For my most recent position, I had to give a presentation on my teaching philosophy. [The presentation] made me sit down and think through this philosophy I had - but where did it come from? It really felt like it started at Black River. It was a completely different learning environment [than the larger school system]. The people, the class sizes, having hands-on experiences, taking creative and AP courses helped me think about what I valued and what I find effective in teaching and get this teaching to the 'whole student' perspective. I didn’t really envision myself being a teacher, even when I got into undergrad and grad school I was a lot more focused on research, but I also started to really love teaching. It’s invaluable to my research and my research is invaluable to my teaching. It's really something that is intertwined entirely that I really didn’t think about it that way when I started."

- Kaite Dentzman

She continued to study sociology at Michigan State University for her master's degree and Ph.D. where she joined a professor studying the sociological aspects of weeds resistant to herbicides, like RoundUp, in agriculture. This project has evolved over her entire career; she started with theories of why farmers were so reliant on chemical herbicides and now, four years post-doctoral degree, is putting these new and innovative ideas into action through implementation of community pest resistance management groups and advising the United States Environmental Protection Agency. Katie has an impressive CV that covers research across the board in agricultural sustainability from a sociological lens. Some other topics she’s covered include representation of women and queer farmers, biodegradable plastic mulch adoption, ethical equine mortality composting, food insecurity, climate change, and agritourism.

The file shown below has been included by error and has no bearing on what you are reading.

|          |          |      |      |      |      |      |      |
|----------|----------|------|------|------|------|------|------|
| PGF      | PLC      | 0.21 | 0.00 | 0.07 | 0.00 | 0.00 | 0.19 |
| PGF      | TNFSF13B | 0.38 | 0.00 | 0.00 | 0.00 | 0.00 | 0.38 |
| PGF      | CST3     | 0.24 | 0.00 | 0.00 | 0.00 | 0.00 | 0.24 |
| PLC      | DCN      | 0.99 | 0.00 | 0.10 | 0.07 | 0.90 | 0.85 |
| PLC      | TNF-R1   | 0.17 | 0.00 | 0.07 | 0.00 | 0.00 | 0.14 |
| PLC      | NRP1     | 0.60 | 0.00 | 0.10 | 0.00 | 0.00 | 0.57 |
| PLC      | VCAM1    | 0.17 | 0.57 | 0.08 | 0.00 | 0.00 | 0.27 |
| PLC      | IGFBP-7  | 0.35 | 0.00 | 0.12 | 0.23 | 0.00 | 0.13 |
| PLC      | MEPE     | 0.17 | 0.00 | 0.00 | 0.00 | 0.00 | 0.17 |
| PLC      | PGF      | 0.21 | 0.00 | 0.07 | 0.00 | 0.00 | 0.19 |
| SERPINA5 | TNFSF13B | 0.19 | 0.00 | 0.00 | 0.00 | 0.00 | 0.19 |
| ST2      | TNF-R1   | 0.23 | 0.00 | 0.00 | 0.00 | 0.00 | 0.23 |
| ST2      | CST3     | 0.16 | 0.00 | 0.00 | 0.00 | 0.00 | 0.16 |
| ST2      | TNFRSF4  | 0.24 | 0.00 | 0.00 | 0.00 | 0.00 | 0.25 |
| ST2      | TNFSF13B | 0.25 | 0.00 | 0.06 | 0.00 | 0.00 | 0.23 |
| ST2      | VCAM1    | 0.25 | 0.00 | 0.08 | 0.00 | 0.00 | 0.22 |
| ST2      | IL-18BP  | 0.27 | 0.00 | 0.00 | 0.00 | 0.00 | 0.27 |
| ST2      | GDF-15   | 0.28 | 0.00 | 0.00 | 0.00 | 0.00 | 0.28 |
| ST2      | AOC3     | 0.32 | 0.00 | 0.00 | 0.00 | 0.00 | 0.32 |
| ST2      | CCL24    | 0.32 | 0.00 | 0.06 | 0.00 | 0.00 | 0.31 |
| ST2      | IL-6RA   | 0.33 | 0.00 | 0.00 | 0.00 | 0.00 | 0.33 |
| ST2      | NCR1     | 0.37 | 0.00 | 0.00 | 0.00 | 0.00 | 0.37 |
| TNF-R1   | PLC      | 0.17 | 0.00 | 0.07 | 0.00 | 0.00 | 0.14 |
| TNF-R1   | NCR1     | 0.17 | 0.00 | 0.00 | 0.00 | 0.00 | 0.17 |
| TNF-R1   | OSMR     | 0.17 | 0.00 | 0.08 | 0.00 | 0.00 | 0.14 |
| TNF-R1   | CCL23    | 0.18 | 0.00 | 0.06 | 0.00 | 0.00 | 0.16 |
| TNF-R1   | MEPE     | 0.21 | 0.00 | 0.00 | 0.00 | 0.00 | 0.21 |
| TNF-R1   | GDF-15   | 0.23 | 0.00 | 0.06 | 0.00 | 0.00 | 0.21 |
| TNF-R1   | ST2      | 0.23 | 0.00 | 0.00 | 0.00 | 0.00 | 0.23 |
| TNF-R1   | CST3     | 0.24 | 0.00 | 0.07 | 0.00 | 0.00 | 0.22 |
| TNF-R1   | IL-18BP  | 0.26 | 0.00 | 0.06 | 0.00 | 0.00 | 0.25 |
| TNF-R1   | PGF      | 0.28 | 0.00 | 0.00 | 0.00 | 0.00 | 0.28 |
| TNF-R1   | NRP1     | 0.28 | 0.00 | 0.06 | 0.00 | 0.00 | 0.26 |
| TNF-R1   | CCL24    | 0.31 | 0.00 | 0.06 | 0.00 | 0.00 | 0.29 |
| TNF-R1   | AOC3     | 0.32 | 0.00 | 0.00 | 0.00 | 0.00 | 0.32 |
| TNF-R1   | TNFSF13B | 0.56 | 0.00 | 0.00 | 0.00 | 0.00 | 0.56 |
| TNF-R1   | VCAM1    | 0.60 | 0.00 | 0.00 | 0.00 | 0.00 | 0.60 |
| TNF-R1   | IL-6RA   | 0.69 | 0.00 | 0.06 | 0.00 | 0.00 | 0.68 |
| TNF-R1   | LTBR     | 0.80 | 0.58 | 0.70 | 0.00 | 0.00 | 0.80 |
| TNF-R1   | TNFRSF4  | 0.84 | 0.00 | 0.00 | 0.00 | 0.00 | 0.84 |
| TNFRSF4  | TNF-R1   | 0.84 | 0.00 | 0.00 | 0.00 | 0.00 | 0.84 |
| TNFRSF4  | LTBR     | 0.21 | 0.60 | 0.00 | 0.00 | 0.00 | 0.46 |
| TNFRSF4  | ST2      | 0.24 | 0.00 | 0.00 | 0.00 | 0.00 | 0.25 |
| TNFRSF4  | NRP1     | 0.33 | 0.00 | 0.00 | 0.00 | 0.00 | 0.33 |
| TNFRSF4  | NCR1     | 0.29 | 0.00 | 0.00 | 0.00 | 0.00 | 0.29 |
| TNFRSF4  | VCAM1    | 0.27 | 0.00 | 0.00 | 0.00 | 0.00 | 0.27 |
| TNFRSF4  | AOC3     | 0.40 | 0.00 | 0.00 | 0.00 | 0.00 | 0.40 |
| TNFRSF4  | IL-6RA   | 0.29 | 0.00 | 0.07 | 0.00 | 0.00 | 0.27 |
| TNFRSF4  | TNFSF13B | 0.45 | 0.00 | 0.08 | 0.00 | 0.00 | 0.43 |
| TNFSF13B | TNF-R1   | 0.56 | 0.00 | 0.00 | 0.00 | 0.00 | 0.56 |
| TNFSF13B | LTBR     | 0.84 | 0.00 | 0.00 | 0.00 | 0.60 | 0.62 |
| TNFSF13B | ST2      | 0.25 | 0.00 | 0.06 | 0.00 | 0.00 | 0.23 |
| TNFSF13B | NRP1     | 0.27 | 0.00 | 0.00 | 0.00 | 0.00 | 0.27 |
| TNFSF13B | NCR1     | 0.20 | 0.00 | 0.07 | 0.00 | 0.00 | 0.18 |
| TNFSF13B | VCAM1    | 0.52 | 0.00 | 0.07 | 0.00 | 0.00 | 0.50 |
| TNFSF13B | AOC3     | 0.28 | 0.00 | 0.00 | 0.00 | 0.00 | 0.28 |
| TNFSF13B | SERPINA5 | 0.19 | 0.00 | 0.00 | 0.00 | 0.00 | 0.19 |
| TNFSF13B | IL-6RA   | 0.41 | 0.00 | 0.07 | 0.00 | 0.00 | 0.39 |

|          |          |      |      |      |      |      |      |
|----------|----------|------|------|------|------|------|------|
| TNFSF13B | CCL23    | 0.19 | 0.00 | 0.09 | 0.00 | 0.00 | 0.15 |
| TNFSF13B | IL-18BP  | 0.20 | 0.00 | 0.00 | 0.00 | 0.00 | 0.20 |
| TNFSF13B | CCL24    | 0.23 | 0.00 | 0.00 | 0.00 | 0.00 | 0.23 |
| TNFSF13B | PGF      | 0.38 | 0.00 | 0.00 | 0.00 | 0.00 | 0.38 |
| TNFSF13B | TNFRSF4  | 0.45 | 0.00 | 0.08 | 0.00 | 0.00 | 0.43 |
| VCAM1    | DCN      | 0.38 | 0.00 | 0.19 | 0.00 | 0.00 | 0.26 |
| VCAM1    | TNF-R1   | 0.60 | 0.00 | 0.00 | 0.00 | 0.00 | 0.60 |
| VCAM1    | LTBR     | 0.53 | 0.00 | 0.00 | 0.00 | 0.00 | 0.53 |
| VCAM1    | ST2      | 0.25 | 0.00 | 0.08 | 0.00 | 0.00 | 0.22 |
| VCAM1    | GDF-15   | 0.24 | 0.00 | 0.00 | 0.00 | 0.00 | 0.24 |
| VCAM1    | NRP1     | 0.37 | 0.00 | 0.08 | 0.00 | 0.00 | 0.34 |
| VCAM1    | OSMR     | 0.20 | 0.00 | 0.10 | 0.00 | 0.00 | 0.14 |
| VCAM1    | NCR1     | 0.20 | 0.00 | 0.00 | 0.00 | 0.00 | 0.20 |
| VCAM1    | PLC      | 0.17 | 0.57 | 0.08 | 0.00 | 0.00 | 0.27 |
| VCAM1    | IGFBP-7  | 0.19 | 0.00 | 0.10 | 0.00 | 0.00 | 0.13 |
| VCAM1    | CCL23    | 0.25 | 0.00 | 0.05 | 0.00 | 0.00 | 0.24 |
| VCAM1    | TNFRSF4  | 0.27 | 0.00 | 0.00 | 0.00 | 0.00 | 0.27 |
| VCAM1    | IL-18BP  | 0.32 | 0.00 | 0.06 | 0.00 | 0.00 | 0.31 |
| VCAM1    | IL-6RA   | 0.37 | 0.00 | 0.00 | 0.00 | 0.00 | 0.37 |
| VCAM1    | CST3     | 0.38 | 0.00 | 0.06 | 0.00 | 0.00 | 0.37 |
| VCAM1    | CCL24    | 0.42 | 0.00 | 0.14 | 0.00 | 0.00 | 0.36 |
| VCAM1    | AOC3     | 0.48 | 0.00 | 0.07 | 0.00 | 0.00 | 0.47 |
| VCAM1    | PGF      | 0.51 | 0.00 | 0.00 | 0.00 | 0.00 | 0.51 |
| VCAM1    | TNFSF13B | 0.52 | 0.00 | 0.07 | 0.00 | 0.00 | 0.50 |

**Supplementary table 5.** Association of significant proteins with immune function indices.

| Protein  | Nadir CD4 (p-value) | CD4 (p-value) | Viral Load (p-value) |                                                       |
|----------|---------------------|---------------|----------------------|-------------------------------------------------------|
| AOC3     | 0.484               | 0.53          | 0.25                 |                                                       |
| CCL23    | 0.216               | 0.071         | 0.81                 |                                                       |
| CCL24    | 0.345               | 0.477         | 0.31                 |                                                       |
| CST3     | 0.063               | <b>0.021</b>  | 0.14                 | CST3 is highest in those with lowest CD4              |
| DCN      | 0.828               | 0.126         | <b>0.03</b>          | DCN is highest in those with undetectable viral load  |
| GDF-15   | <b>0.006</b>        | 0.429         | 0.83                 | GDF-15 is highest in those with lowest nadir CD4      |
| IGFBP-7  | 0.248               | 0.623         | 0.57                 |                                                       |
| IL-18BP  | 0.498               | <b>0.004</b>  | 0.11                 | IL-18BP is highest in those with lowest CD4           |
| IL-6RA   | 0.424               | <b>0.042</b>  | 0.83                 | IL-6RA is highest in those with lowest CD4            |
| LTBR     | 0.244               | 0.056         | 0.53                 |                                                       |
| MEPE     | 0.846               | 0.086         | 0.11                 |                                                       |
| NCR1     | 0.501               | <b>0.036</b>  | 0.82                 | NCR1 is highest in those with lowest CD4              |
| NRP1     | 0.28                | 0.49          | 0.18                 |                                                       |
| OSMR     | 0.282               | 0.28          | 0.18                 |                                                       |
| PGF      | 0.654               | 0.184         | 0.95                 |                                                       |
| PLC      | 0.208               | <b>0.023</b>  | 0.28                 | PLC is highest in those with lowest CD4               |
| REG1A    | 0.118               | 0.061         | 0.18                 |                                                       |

If she had the opportunity to go back and talk to herself in high school, what would she say? Stop being so stressed about everything! It’s more important to learn, to be creative, and to be innovative than it is to get straight A’s.

It’s okay not to know what you’re going to do, because I didn’t know what I was going to do until I was doing it. Some people have this whole big life plan scheduled out ahead of them. That was not necessarily me, but I felt like I should have [a plan]. Even as recently as last year - I was a postdoc, I didn’t know what I was doing with my life. I briefly took a job with the USDA. For a while that felt like failure because I had been so focused on getting into academia. It really forced me to take a step back and think ‘hey plan B is just different than plan A. It’s not worse. In some ways it's better. I think we put so much pressure on students and on academics to always know what they’re doing and to know their path. It’s okay for it to be flexible."

- Katie Dentzman

Black River Public School has continued to grow since opening in 1996. In 2021, they were ranked the number one open enrollment high school in Michigan and in the top 500 of all, roughly 17,000, high schools in the entire country.
Will Carleton Academy students participate in walk to school day.

Let's get social

Get more charter news & successes!

Like us on Facebook

Subscribe by Email

No Comments Yet

Let us know what you think